This work presents near-infrared spectroscopy (NIRS) as an in-line process analyzer for monitoring protein unfolding and protein-lyoprotectant hydrogen bond interactions during freeze-drying. By implementing a noncontact NIR probe in the freeze-drying chamber, spectra of formulations containing a model protein immunoglobulin G (IgG) were collected each process minute. When sublimation was completed in the cake region illuminated by the NIR probe, the frequency of the amide A/II band (near 4850 cm -1) was monitored as a function of water elimination. These two features were well correlated during protein dehydration in the absence of protein unfolding (desired process course), whereas consistent deviations from this trend to higher amide A/II frequencies were shown to be related to protein unfolding. In formulations with increased sucrose concentrations, the markedly decreased amide A/II frequencies seen immediately after sublimation indicated an increased extent of hydrogen bond interaction between the proteins backbone and surrounding molecules. At the end of drying, there was evidence of nearly complete water substitution for formulations with 1%, 5%, and 10% sucrose. The presented approach shows promising perspectives for early fault detection of protein unfolding and for obtaining mechanistic process information on actions of lyoprotectants.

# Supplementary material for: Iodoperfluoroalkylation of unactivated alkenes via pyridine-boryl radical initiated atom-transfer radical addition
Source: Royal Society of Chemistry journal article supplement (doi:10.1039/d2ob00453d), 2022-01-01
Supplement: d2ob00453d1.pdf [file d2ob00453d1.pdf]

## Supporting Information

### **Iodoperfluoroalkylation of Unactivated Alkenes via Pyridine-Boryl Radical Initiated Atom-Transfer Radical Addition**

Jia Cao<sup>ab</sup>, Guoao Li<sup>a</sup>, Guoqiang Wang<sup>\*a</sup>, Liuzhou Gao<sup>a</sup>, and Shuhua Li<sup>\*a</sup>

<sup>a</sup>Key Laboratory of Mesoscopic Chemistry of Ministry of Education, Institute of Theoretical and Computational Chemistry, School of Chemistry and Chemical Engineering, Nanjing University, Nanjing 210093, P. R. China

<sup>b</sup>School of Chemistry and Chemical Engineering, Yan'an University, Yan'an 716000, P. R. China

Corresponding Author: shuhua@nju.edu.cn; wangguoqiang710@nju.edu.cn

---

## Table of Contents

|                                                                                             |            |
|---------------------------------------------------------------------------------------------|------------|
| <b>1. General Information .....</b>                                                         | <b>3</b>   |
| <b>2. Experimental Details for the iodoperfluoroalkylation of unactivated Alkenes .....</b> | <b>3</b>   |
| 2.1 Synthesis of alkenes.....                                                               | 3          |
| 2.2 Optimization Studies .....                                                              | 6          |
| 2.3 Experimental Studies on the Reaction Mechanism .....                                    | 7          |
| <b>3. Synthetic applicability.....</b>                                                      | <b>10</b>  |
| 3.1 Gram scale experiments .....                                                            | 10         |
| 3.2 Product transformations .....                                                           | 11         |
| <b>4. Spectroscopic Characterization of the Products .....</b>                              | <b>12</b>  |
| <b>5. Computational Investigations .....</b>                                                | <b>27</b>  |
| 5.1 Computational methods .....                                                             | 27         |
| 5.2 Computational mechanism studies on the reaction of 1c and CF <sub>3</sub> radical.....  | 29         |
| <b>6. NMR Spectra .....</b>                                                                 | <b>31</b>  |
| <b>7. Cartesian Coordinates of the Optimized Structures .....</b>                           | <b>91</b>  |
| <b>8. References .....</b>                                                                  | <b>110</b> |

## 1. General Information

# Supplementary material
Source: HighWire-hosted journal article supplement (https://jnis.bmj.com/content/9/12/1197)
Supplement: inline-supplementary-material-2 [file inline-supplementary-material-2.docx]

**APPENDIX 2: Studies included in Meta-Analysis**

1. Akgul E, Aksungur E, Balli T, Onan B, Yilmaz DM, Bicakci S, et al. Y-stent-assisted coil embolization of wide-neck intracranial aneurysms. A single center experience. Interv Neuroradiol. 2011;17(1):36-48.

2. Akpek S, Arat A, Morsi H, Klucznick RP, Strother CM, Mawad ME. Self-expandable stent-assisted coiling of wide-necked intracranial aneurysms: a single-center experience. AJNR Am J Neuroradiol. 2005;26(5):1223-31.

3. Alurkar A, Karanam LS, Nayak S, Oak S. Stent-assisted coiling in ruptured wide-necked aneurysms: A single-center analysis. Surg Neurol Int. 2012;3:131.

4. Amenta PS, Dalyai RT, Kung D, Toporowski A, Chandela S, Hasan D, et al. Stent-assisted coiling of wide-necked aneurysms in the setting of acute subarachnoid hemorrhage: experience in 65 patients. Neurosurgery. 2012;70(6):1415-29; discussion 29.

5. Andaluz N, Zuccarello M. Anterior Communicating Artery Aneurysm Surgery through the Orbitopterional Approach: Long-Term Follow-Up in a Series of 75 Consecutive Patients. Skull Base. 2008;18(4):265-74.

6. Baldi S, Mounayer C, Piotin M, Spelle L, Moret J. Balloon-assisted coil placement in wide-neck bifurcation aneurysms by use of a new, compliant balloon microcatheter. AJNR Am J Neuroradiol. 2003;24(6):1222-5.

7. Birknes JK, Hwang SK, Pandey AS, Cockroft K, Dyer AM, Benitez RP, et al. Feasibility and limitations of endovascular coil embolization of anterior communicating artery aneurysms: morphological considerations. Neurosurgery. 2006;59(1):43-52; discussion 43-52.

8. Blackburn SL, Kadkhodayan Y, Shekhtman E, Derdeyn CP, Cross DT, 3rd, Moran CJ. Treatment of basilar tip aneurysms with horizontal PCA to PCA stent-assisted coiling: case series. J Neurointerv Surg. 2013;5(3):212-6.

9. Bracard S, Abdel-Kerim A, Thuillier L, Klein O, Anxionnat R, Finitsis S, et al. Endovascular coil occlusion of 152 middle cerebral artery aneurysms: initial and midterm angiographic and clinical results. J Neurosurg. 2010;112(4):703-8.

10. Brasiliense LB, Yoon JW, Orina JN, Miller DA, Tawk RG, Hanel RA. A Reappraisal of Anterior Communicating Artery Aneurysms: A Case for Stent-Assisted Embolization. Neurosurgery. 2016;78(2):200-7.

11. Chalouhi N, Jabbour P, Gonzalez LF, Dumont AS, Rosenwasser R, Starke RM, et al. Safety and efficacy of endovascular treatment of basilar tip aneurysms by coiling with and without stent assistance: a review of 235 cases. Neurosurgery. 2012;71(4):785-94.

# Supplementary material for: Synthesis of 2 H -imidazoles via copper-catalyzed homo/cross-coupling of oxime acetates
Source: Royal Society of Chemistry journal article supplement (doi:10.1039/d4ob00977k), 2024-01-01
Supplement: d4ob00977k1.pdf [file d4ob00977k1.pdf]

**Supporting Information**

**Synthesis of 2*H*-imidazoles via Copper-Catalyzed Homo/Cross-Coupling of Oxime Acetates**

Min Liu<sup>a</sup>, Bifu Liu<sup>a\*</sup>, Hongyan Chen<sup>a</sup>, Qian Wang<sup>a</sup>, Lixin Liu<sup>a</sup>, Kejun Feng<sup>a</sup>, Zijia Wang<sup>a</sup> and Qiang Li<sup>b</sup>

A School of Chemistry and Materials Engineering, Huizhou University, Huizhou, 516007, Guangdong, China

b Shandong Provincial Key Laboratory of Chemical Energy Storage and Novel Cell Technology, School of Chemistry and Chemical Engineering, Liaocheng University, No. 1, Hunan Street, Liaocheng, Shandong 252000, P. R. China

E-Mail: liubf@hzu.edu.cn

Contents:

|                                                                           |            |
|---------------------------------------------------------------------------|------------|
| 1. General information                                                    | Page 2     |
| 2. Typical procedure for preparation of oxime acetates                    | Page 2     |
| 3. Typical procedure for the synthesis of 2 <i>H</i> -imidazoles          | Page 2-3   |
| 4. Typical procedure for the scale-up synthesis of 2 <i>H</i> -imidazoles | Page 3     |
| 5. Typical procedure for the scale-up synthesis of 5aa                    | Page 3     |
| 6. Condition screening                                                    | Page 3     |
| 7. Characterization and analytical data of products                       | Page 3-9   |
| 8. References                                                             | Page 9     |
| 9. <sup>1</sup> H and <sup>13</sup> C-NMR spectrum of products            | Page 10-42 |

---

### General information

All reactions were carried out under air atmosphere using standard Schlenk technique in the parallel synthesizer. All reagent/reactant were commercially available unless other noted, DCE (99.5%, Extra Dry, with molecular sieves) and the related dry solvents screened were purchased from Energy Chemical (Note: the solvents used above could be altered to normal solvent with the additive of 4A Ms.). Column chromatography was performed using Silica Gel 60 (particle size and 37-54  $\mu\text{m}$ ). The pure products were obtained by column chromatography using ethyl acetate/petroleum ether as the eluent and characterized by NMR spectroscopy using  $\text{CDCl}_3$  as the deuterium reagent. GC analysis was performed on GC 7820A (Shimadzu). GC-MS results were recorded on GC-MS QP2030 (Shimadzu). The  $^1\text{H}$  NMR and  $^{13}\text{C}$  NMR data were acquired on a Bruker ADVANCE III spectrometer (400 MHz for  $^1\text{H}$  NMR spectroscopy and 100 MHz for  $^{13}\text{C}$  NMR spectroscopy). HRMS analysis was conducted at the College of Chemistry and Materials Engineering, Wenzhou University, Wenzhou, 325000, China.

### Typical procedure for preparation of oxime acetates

ASJC Scopus subject areas
- Analytical Chemistry